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Winnsboro's connection to the "Sawmill Bonanza" of the early 20th century

Updated: Dec 22, 2022


Four Mule Logging Team


Winnsboro, Texas, is a town full of history. One of Winnsboro's more interesting historical features is its connection to the "Sawmill Bonanza" of the early 1900s. The "Sawmill Bonanza" was a boom industry in East Texas that started around 1893 and peaked in the early depression years. East Texas was (and is) known for its Piney Woods, and fortunately, or unfortunately, depending on how you look at it, it was a way out for many poor folk in Winnsboro and the surrounding areas when times got tough.


There were sawmills before that time; the earliest ones in the area were established right around when Winnsboro was established in the 1850s. These were basic water sawmills and only produced about 500 board feet a day. At that time, the Pine Forests were thick and healthy, with many travelers saying the forests were "park-like." According to the Texas State Historical Association (TSHA), some Pine trees were "150 feet tall and over 5 ft in diameter".

It was only a matter of time before entrepreneurs saw the value in the pine trees. As the Great Depression loomed, new technology like the steam-powered engine became available; they started to set their sights on the Piney Woods.


Between 1880 and 1956, there were 88 sawmills near Winnsboro, 15 of which were located directly in the Winnsboro area, 11 in precinct 4, Winnsboro, and the rest spread out over nearby Wood County. The area was rich in pine trees, and a railyard was located in Winnsboro with a loading platform for lumber and Cotton. By the 1900s, sawmills started using steam and circular saws which bumped production from 500 board feet to 25,000 board feet a day per mill.


Sawmill work was hard and required long hours for very little pay. It was at the time considered by the US Census to be the most dangerous job in the United States. Most workers were only considered General Labor and made around $1.50 daily. Some loaders and operators made up to $2.00 a day, but the more people they could keep in general labor, the better it was for the company. Some area mills did not pay in cash. Instead, they were paid in Tokens which could only be used in the company Commissary. This kept workers from leaving the lousy working conditions and held them within the company. By 1932 the sawmill industry had ravaged the forests in East Texas, and many sawmills shut their doors and moved Northwest where there were trees to be harvested. Around that time, Franklin D Rosevelt put into place a program Called the "New Deal." This New Deal bought over 600,000 acres of land to turn it into National forests in Texas and started re-planting the Pines in a recovery effort. Many of the Pines we see in our Piney Woods today are descendants of that recovery effort.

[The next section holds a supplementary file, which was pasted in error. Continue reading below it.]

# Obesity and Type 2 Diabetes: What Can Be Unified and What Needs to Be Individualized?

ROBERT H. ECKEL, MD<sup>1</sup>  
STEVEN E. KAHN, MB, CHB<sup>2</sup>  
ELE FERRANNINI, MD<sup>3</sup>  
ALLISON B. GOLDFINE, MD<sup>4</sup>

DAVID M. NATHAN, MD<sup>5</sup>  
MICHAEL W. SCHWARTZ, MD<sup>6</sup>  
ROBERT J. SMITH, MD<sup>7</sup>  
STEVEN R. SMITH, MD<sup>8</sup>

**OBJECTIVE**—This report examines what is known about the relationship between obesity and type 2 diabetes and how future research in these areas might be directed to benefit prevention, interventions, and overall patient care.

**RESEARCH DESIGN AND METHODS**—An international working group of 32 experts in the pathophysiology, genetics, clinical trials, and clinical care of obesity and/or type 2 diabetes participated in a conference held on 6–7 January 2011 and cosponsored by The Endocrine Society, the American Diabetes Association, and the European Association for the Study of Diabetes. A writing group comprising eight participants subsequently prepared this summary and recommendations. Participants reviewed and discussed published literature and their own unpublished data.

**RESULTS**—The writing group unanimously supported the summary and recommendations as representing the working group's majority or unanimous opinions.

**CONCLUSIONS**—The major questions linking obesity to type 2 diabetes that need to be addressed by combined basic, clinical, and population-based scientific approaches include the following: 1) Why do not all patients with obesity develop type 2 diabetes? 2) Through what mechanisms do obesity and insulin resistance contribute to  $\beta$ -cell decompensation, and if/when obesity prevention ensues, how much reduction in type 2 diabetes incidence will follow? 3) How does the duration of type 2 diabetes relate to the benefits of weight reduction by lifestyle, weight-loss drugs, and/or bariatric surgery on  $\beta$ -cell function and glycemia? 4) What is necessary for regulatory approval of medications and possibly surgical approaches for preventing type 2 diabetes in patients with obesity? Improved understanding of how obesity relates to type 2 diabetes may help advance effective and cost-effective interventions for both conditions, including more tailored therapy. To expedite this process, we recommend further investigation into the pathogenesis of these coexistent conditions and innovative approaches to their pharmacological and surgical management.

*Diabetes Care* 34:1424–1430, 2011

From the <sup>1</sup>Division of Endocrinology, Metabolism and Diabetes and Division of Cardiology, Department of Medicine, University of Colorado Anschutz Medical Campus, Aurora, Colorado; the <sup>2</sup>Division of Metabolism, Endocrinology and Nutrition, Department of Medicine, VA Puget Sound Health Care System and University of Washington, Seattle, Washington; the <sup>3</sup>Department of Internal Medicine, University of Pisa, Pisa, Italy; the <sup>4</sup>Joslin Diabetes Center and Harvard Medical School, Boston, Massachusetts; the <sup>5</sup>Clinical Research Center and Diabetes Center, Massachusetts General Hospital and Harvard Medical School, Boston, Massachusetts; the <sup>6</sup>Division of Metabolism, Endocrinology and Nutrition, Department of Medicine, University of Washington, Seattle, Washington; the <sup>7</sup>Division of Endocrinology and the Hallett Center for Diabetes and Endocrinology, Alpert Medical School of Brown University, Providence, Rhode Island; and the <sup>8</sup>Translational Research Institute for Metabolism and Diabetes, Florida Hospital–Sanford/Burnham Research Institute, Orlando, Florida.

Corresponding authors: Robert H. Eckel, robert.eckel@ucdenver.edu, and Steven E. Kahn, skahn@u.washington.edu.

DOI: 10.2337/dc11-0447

Below is a list of the area Sawmills and what information can be found about them.


Winnsboro Lumber Company/Yother-Gibson Lumber Company

Location Elm Street, Downtown Winnsboro

steam power sawmill/plane mill

Time period: Yother -Gibson 1900-1909 Winnsboro Lumber Co, 1909-1920


Henry Snodgrass

Location Winnsboro, unknown

Power unknown, possibly gas Rough cut sawmill

Time period: 1934


R.A Martin/R. A. Marlin. Mullinax and Martin.

Location Winnsboro, Possibly Mill Street

Power Steam sawmill

Time Period: 1934


Northeast Texas Sash and Door Company

Location Winnsboro, unknown

Power unknown rough cut sawmill

Time Period: 1957


Martin Oak Flooring Company. R. C. Martin Lumber Company

Location Winnsboro, unknown

Power Steam, Gas rough lumber, plane sawmill, flooring

Time Period: 1950 to at least 1964


Joseph William Ogburn Lumber Co

Location, possibly Ogburn or Merrimac Community

Power unknown Rough Cut Lumber

Time Period: 1900 to 1907


Jack Gilliam

location Winnsboro, unknown

Power Unknown Rough-cut pine and plane sawmill

Time Period: 1957


JH Saxon

Location Winnsboro /Possibly Peach

Power Unknown Possibly Gas Lumber Mill

Time period: 1870-1879


Henry Snodgrass

Location Winnsboro, unknown

Power unknown Sawmill

Time Period: 1934


F.M. Crone & Son

location Merrimac Community

Power Unknown Sawmill plane mill and rough cut lumber

Time Period: 1909


Conner Campbell Lumber Company/ B. F. Campbell

Location Winnsboro, unknown

Power Steam sawmill plane mill and rough Lumber

Time Period: 1908 -1950

NOTE: This was one of the most successful sawmills in Winnsboro, Lasting not only through the Great Depression but also during a time when Winnboro had a 60% decrease in population


Carl D Minick

Location Winnsboro, unknown

Power unknown sawmill

Time Period: 1958- 1966


Bradley & Mallory

Location Winnsboro, unknown

Power Unknown rough cut sawmill

Time Period: 1934


Ragley Lumber Company

Location Winnsboro, Unknown

Power unknown Rough Cut

Time period: 1890-1904


Other nearby sawmills:


J.M. Lawerance & Son

E. Roberts

Brown & Newsome

B. Goodson

J. Rollow

M.J. Brown

Morris & Yarbrough

Peter Mangus Gunstream

W.J. Perry

Watterman

Web & Lawrence


All Statistics can be found on the Texas Forestry service website.







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